New York: The UN Security Council reached a decision this week to wind up the African Union – United Nations Hybrid Operation in Darfur (UNAMID) in Darfur, Sudan.
UNAMID is currently the biggest peacekeeping Mission in the history of UN peacekeeping.
Dr Ashraf Eissa, the spokesperson of UNAMID, where Rwanda has more than 1,000 peacekeepers, told The New Times on Friday, December 25, that the UN Security Council unanimously passed Resolution 2559 on the situation in Darfur and instructed UNAMID to cease its operations in Darfur by December 31 2020.
“The Council gave a period until 30th June (2021) to enable the Mission to repatriate its troops and personnel followed by a liquidation period where a small team can dispose of assets and complete the closure of the Mission,” he said.
“This means UNAMID’s last patrol will go out on 31st December and after that there are no mandated activities other than drawdown followed by closure.”
According to the spokesperson, details on the drawdown are yet to be set by the UN but they are in the pipeline.
UNAMID troops came from Rwanda, Bangladesh, China, Egypt, Ethiopia, Gambia, Indonesia, Kenya, Nepal, Nigeria, Pakistan, Senegal and Tanzania.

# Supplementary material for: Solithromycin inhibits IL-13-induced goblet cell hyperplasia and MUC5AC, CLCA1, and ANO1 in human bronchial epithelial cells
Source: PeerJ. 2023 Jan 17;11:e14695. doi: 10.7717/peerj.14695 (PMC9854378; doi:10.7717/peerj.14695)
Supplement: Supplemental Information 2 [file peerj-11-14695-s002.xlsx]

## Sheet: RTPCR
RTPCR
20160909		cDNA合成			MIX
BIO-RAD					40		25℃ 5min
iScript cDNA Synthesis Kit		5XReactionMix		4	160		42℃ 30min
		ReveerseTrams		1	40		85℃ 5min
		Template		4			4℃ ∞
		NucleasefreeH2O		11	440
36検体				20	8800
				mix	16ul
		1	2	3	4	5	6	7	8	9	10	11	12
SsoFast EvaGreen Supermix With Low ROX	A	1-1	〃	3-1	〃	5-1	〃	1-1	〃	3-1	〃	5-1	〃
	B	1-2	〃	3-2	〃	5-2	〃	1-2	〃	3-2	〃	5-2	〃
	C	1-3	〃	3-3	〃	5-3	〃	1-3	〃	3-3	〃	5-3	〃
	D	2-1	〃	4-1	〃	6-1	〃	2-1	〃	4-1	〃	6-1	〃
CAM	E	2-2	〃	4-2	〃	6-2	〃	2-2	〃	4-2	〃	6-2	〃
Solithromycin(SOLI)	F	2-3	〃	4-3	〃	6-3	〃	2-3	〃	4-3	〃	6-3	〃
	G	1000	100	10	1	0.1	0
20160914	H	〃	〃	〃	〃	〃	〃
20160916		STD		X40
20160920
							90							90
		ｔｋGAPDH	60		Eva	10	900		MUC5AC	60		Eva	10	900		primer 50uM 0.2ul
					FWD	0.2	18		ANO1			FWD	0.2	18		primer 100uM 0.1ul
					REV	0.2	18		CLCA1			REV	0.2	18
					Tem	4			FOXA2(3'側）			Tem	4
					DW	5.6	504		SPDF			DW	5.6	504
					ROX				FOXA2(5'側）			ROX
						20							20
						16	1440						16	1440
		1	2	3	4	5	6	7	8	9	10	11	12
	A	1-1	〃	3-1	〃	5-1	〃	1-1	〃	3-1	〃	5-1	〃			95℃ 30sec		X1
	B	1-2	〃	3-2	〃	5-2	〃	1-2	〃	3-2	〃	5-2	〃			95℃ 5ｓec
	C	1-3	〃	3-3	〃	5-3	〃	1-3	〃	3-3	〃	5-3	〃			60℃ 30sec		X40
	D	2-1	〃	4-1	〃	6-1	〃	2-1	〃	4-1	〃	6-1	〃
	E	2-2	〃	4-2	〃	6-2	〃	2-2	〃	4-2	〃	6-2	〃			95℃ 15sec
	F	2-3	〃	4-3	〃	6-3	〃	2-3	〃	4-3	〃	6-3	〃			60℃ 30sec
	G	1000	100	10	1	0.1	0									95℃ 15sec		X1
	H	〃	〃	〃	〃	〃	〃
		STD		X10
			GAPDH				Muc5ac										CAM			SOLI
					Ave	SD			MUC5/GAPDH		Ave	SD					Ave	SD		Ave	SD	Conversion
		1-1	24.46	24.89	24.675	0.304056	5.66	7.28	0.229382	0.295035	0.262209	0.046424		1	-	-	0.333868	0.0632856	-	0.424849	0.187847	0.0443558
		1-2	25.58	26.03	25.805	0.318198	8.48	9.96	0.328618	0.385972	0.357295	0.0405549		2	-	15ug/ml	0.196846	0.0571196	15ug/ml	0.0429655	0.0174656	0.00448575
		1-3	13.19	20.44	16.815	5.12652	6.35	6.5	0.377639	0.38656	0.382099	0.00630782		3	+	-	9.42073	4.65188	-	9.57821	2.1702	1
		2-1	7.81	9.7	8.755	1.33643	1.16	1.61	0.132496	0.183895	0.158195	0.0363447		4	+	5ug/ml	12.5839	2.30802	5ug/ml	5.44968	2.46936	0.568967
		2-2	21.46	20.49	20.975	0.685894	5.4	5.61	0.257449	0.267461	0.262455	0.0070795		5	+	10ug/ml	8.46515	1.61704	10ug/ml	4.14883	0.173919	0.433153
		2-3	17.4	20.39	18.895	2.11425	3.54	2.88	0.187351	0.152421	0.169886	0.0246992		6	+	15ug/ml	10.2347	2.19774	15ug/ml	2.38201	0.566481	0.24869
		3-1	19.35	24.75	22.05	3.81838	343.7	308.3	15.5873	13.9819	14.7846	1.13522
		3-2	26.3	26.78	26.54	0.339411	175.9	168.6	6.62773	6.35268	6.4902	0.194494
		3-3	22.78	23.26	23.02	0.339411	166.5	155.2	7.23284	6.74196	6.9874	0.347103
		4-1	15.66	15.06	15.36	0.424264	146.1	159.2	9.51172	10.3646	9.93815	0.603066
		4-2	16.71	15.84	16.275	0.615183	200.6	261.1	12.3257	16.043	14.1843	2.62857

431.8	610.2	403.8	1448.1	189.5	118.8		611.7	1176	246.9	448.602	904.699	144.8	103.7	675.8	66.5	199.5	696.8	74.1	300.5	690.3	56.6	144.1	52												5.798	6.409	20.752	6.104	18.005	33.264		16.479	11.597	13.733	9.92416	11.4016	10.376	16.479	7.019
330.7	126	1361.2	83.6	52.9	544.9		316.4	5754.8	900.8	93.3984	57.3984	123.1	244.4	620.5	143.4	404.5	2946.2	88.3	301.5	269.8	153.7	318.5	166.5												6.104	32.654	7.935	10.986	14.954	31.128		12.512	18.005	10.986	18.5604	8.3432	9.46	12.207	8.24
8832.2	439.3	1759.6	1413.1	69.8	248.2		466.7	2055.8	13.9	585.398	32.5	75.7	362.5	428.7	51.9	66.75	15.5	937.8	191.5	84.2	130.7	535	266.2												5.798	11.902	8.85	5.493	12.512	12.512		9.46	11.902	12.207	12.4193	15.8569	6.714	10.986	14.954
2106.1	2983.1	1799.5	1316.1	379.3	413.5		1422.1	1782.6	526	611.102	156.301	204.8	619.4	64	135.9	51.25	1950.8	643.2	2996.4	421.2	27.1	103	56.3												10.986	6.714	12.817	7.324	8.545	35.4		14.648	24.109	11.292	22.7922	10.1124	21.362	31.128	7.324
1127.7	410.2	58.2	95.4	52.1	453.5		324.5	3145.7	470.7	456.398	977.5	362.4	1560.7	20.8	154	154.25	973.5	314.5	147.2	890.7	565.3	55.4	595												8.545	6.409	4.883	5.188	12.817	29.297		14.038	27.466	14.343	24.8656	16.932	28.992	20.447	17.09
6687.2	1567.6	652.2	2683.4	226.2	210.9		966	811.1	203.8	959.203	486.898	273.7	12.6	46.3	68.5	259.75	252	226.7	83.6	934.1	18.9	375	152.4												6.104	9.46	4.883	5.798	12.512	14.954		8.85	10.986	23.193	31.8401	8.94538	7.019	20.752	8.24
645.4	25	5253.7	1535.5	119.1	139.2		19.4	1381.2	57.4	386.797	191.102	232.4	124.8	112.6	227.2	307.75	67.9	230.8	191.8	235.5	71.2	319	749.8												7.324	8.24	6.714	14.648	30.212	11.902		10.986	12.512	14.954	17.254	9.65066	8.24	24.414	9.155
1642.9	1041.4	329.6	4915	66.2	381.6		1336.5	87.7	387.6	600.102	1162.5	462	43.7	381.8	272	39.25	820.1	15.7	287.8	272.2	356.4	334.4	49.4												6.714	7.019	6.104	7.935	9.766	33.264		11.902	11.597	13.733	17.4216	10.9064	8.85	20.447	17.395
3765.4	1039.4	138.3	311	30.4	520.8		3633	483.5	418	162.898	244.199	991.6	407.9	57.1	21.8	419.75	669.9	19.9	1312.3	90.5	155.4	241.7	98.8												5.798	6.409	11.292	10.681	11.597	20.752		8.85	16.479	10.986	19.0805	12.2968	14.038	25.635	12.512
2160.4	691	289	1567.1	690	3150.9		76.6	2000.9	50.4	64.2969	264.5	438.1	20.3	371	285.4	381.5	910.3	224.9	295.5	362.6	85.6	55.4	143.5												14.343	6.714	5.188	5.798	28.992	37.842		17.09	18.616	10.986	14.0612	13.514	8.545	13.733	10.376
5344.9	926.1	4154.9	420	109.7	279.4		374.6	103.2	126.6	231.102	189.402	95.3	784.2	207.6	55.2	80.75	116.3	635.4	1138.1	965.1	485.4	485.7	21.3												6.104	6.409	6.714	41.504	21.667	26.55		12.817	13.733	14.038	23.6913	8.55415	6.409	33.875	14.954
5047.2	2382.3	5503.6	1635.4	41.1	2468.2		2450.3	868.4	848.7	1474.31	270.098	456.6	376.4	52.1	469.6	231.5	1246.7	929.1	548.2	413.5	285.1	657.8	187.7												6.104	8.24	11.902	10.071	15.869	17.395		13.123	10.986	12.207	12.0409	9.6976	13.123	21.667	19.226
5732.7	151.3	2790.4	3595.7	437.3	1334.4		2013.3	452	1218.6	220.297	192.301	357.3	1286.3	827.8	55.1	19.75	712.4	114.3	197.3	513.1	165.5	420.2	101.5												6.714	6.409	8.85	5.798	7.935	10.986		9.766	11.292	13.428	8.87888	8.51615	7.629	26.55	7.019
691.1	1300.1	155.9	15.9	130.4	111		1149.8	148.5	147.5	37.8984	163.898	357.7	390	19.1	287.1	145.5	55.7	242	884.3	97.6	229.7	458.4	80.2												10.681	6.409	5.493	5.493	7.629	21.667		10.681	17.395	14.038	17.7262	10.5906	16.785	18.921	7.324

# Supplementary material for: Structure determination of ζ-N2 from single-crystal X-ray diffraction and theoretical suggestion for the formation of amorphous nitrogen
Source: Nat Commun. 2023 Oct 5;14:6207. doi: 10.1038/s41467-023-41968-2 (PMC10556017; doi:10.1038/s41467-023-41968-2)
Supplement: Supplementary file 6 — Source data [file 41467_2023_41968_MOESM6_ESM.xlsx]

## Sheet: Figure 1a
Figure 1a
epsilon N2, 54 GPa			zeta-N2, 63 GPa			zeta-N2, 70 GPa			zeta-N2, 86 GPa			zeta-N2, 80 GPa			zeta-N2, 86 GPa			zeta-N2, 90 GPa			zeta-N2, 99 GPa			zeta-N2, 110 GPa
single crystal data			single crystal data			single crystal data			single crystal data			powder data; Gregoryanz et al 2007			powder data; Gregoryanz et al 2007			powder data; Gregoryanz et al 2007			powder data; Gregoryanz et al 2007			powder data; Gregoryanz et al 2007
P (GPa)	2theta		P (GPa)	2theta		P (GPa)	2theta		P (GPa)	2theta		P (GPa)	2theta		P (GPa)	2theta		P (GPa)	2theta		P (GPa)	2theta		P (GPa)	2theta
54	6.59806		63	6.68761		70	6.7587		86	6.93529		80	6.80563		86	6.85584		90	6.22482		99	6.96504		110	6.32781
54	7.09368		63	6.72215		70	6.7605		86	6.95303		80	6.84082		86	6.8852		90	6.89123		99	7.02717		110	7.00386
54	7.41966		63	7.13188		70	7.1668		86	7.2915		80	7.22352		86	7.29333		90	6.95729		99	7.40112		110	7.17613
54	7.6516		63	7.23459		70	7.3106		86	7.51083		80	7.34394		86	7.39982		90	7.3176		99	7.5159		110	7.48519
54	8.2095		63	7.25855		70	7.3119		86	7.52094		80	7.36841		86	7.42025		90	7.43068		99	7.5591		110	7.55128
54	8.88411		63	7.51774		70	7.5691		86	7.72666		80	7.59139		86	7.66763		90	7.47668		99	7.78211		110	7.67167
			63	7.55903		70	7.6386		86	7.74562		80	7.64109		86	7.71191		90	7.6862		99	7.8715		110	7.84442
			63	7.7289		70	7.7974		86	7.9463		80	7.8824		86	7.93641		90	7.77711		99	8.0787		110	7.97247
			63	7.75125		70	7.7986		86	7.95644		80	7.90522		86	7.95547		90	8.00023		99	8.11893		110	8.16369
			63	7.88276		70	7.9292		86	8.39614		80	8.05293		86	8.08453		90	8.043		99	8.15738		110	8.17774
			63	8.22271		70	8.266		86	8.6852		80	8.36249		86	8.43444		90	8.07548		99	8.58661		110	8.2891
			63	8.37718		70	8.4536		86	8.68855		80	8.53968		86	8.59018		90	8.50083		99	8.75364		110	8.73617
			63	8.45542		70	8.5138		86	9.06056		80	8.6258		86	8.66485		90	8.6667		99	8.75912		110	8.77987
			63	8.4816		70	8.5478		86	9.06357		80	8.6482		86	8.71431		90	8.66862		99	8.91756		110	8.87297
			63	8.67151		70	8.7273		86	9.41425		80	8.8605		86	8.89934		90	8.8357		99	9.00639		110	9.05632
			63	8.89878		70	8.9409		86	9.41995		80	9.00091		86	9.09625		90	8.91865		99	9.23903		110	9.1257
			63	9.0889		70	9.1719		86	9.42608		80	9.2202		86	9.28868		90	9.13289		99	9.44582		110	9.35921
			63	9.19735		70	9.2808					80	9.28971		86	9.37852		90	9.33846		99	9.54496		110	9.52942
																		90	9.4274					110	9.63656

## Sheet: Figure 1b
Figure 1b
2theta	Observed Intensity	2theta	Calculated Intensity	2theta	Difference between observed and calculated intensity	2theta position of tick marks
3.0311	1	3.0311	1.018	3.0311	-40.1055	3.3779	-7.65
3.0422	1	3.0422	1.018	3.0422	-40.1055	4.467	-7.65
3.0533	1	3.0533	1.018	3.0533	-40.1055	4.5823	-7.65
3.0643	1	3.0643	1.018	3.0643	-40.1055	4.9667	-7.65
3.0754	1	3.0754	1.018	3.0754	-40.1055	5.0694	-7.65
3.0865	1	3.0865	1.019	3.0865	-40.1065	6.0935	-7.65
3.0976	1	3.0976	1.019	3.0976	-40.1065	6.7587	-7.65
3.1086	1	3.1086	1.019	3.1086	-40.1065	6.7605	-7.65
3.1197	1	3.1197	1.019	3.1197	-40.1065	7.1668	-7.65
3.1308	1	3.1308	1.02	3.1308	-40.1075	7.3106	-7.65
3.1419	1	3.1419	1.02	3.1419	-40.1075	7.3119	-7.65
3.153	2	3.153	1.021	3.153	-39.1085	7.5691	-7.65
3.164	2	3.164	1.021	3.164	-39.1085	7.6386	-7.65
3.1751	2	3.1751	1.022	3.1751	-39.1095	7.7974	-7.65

When, in August 2004, just 10 years after the 1994 Genocide against the Tutsi, Rwanda deployed it’s first contingency to a peacekeeping mission, it was under the auspices of the then African Union Mission in Sudan (AMIS). The latter was mandated to curtail the humanitarian catastrophe that was boiling in Darfur. Rwanda’s first contingent of 155 troops were also the first boots on the ground for the new peacekeeping mission.
Later, a new hybrid AU-UN peacekeeping mission was formally approved by the Security Council Resolution 1769 on July 31, 2007, to bring stability to the war-torn Darfur region of Sudan while peace talks continued.
The Security Council has the primary responsibility of maintaining international peace and security.
Currently, Rwanda is the third largest UN troop-contributing country in the world.
Rwanda has deployed more than 6,000 military and police personnel to different peacekeeping missions in the world. The New Times